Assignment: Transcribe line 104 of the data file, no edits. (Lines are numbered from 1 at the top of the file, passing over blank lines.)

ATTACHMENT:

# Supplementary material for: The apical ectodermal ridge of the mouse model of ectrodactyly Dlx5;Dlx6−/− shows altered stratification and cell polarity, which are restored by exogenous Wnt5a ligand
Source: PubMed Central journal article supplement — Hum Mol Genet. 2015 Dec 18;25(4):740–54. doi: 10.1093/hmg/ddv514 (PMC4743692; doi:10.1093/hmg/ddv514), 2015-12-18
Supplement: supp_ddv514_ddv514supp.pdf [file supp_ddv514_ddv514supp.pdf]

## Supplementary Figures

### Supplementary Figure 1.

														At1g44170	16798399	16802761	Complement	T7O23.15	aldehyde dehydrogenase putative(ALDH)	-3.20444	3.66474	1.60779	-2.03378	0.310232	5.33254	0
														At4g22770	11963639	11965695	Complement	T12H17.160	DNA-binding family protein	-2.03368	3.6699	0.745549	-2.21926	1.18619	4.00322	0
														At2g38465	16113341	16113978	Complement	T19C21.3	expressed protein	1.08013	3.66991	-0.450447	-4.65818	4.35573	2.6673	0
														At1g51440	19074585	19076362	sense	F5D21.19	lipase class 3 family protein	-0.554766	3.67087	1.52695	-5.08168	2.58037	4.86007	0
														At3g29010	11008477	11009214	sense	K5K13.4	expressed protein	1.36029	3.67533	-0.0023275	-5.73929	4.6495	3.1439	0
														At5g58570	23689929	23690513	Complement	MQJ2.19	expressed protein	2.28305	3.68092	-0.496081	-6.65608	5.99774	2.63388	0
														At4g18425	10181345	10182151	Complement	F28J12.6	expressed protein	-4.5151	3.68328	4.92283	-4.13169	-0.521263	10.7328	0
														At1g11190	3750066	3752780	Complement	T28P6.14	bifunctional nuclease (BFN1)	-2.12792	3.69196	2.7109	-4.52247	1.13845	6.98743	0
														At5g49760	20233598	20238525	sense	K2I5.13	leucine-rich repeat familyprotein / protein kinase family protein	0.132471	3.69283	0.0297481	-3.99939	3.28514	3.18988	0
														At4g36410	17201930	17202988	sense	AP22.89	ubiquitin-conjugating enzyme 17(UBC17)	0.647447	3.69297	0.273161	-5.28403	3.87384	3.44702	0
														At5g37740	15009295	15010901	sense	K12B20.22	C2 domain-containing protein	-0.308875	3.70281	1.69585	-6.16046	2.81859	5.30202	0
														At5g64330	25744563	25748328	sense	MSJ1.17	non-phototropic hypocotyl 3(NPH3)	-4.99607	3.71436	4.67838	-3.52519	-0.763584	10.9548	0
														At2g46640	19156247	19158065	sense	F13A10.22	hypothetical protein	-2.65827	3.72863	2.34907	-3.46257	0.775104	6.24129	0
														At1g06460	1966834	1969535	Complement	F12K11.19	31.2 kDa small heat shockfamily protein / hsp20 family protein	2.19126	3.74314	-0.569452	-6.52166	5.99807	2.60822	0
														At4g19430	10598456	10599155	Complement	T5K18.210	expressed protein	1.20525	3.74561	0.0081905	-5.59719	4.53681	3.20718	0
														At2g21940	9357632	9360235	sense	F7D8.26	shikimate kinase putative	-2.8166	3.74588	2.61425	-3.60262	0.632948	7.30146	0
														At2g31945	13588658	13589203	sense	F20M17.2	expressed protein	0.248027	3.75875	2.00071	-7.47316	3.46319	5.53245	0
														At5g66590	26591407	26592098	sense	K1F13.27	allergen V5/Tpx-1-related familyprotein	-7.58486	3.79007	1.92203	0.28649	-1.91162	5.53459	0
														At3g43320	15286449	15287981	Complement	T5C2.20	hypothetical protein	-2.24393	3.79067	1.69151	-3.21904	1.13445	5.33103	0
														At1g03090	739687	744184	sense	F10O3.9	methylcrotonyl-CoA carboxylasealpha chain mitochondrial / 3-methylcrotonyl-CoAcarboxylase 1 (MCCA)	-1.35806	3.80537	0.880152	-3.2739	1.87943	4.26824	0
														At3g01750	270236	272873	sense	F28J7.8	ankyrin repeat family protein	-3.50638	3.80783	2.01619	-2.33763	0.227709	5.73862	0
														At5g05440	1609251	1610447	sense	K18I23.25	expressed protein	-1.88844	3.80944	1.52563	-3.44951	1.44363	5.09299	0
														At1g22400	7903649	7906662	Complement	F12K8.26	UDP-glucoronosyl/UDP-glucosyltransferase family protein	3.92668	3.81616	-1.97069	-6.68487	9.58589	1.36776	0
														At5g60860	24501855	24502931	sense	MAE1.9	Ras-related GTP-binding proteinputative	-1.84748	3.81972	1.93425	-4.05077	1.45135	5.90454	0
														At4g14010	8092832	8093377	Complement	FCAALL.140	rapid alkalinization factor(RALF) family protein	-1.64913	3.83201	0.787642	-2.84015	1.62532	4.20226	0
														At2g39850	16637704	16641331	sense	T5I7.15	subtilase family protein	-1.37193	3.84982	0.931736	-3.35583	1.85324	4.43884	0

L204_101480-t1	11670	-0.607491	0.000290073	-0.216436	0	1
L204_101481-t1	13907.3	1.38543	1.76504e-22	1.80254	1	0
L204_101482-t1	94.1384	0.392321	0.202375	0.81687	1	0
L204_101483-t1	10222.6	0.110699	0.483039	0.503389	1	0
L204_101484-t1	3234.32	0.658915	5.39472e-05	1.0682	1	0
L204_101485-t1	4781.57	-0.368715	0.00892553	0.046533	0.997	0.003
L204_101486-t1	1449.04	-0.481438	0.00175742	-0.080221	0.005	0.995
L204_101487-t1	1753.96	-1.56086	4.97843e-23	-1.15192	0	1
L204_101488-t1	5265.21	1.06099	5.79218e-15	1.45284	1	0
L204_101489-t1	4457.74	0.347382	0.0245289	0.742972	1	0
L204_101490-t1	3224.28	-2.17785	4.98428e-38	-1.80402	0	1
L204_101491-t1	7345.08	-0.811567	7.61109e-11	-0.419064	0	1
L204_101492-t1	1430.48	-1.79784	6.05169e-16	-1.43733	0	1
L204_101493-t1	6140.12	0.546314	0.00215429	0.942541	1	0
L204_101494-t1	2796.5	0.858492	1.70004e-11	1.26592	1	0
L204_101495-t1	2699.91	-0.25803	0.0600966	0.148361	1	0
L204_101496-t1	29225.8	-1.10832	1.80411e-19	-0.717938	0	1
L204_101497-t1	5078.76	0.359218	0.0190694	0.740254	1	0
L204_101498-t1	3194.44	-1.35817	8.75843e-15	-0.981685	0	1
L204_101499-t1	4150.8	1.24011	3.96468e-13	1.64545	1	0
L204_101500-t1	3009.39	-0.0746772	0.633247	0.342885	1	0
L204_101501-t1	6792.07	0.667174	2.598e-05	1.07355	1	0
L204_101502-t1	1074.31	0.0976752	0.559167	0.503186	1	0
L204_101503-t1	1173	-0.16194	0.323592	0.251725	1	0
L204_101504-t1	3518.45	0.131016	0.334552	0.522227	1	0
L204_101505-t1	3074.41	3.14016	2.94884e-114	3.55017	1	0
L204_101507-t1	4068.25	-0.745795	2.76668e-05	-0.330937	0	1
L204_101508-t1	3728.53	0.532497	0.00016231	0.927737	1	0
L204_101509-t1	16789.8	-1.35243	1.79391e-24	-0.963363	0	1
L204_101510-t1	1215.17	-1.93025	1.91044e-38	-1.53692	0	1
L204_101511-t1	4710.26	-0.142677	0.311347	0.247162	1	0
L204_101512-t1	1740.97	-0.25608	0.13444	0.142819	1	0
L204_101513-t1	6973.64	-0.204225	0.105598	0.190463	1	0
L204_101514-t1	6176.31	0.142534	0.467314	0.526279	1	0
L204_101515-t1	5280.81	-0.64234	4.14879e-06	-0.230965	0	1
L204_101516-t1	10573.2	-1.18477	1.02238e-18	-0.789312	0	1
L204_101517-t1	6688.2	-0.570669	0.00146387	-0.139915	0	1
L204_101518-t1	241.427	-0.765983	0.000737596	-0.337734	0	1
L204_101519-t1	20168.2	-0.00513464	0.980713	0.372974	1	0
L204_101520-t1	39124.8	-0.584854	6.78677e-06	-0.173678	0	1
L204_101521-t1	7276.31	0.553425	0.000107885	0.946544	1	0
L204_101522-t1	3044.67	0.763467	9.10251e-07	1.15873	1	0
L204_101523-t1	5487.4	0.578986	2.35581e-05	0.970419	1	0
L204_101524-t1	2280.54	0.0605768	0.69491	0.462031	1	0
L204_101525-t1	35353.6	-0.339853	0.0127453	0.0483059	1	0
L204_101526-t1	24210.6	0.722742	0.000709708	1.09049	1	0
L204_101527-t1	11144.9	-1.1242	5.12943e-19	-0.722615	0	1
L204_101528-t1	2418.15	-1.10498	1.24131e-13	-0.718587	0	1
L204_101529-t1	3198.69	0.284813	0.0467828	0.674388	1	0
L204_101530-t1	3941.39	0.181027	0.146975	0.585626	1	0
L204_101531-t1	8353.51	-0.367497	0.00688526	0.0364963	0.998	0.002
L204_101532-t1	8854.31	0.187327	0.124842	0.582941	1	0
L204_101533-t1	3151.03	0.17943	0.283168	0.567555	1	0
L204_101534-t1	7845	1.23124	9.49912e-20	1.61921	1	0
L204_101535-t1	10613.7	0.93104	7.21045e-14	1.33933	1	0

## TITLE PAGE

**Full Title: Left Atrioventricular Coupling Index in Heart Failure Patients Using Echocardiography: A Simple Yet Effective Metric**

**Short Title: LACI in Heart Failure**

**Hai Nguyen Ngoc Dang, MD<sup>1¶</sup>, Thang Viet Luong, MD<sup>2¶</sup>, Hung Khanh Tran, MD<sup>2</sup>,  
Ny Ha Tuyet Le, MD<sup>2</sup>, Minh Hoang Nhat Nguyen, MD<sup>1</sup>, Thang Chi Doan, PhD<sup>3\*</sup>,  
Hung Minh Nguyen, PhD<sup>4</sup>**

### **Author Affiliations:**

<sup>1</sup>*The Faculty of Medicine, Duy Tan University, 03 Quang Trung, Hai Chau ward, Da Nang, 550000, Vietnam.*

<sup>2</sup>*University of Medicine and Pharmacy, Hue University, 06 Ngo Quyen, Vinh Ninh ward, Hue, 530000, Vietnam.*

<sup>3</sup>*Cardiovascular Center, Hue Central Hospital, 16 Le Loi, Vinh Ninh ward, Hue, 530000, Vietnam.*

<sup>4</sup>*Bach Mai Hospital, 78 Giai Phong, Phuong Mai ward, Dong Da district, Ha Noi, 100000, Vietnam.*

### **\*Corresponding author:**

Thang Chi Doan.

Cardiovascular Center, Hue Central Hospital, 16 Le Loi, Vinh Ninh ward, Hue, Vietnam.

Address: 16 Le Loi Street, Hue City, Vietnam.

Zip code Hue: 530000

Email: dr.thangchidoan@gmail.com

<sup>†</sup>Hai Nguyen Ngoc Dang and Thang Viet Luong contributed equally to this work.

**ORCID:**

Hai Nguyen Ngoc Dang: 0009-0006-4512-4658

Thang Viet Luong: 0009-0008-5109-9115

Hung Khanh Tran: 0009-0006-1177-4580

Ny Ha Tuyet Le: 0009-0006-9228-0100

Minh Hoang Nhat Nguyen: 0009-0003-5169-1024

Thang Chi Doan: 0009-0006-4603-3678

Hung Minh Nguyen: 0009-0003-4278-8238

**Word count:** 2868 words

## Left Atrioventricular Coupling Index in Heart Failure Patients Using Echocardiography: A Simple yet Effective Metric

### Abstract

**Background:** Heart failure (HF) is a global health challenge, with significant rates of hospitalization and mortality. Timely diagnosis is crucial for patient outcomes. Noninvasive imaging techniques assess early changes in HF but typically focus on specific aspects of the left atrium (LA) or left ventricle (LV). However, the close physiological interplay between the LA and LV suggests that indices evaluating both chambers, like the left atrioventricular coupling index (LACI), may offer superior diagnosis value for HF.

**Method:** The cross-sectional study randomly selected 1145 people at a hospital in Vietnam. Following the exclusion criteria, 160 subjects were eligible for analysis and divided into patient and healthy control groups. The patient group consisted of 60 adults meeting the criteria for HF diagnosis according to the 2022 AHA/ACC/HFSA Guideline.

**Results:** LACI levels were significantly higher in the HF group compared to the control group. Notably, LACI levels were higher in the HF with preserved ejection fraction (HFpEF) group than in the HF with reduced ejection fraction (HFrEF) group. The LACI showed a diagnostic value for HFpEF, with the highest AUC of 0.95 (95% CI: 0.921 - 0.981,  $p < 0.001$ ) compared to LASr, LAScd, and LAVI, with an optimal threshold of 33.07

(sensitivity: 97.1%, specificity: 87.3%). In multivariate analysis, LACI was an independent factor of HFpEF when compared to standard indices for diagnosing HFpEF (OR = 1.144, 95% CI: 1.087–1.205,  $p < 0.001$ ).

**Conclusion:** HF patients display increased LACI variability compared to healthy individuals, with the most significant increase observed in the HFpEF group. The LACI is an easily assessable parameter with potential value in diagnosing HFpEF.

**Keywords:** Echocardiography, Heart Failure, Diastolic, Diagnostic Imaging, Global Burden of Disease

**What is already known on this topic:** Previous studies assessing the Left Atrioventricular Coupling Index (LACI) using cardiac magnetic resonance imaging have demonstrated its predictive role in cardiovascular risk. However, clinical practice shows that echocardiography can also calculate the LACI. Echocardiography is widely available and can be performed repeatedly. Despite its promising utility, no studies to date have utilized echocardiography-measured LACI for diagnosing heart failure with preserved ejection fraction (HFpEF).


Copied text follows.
<sup>†</sup>Hai Nguyen Ngoc Dang and Thang Viet Luong contributed equally to this work.